Yeah. I have always loved the Bruce Lee Podcast. It was always our intention to return to the Bruce Lee Podcast. We did take quite a bit of a break there for a while and things changed. My lovely co-host, Sharon Lee, went on to other things. Part of what I find super useful is a lot of times, you can be saying the same thing over and over again, but for some reason, when someone else says it, it suddenly resonates with you.
My goal with this new format of the Bruce Lee Podcast, where I’m talking to a guest each week, was really to try to simulate the purpose of the book; which was to ask the guests questions about their own lives, their own process, how they deal with different things, and to ask them to share their wisdom as well. And then as well as related to Bruce Lee and his own teachings. So, I’m happy to pass on what I can pass on, and I’m hopeful that somebody will tune in and listen, because maybe they are interested in what my guest might have to say and maybe something they say, will resonate deeply with them. So that’s the reason.
It’s been a lot of fun and it’s also to have nourishing conversations, which I feel like we need right now.
Also this year, there was the release of the documentary Be Water from Bao Nguyen. I was wondering if you can give your thoughts about it.
Sure. I think Bao did a wonderful job. I should say it’s funny, because a lot of people have said, “Oh, you did such a great job in the documentary.” And I was like, “Thanks, but I didn’t do anything.” He asked me to read some of the quotes and I was interviewed, but all this was Bao’s vision. I didn’t even know when we sat for the interviews because they were filmed, full lighting, full background, everything. I didn’t know that we weren’t going to be seen as talking heads in the documentary.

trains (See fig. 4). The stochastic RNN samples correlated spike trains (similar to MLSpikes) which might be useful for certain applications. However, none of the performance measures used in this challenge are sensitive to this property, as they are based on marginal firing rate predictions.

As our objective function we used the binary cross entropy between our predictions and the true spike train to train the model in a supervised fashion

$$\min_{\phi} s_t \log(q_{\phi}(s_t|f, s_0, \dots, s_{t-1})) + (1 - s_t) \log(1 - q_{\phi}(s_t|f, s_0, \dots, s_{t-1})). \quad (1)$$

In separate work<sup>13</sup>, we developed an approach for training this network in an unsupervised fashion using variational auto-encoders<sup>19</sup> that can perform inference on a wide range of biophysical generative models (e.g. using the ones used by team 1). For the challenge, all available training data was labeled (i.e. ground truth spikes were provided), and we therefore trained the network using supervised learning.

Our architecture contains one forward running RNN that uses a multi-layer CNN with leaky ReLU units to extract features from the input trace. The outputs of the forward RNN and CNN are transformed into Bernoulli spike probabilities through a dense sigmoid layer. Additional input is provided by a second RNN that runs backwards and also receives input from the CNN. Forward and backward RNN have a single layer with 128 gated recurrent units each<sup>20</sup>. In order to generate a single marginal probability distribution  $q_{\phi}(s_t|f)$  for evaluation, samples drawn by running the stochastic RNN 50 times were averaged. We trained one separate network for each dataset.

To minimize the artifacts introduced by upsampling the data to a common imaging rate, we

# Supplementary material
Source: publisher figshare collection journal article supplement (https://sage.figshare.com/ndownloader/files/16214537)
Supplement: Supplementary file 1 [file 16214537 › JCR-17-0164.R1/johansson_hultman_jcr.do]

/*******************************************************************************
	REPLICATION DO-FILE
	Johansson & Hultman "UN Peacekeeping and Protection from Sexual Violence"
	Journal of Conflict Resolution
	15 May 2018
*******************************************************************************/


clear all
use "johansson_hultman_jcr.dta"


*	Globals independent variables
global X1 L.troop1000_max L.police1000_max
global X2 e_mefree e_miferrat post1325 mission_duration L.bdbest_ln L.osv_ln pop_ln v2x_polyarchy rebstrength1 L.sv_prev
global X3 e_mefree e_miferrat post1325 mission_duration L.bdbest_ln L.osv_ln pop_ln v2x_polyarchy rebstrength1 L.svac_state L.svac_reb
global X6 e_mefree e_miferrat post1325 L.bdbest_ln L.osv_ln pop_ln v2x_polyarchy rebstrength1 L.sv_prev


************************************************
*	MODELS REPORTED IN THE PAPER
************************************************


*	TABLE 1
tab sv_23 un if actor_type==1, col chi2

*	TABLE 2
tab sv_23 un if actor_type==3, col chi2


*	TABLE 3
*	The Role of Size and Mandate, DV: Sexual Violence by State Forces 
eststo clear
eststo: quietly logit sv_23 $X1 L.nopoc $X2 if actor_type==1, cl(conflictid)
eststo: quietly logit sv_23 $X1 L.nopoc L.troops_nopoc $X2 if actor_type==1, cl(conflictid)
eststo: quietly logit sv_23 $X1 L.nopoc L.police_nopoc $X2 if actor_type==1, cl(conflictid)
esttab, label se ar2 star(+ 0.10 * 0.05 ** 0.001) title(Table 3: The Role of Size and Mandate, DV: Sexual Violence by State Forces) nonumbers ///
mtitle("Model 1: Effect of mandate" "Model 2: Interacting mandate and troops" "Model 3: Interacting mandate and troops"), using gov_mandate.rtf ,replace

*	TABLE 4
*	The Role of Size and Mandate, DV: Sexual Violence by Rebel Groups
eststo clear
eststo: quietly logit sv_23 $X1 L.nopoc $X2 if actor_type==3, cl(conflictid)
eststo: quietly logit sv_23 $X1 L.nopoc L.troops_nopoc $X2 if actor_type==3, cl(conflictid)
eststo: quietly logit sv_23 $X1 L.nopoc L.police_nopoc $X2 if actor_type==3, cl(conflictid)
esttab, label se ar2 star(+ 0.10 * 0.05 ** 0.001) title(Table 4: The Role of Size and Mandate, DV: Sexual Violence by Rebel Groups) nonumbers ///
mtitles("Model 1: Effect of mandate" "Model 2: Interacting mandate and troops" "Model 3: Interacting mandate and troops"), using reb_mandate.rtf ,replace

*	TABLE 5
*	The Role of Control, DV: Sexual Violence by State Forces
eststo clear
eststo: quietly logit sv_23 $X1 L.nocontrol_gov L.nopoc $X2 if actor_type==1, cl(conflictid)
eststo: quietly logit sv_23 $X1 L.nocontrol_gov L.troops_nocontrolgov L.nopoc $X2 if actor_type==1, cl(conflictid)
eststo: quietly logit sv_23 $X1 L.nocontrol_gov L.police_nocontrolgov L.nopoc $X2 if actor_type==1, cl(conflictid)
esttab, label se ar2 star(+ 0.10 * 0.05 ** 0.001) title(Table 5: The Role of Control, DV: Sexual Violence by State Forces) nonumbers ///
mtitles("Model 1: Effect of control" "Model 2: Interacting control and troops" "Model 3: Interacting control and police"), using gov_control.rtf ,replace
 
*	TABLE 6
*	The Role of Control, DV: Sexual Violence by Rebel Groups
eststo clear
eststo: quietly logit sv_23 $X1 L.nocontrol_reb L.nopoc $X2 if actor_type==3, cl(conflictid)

So that came as a surprise and a beautiful surprise. I really think the way that the perspective that he took, which was on sharing my father’s experience as an Asian man in Hollywood, and then also in the Hong Kong film industry as well, and some of the struggles that he was coming up against in his life and telling the story through that lens, it’s not a story that’s been widely told. It really focused on some of his philosophies as well and just who he was as a human being. I feel like it really humanized him and I just think he did a beautiful job.
You have an event later this month. Can you talk a little bit about what that’s all about?
Yeah. Well, November 27 of this year will mark the 80th birthday of my father. So 80 years of Bruce Lee, which I think is phenomenal. Even though he passed away at a young age, I really do feel like his influence is still very much felt in the world. I really do feel like it’s been 80 years of him, even though he’s not been with us for so much of that.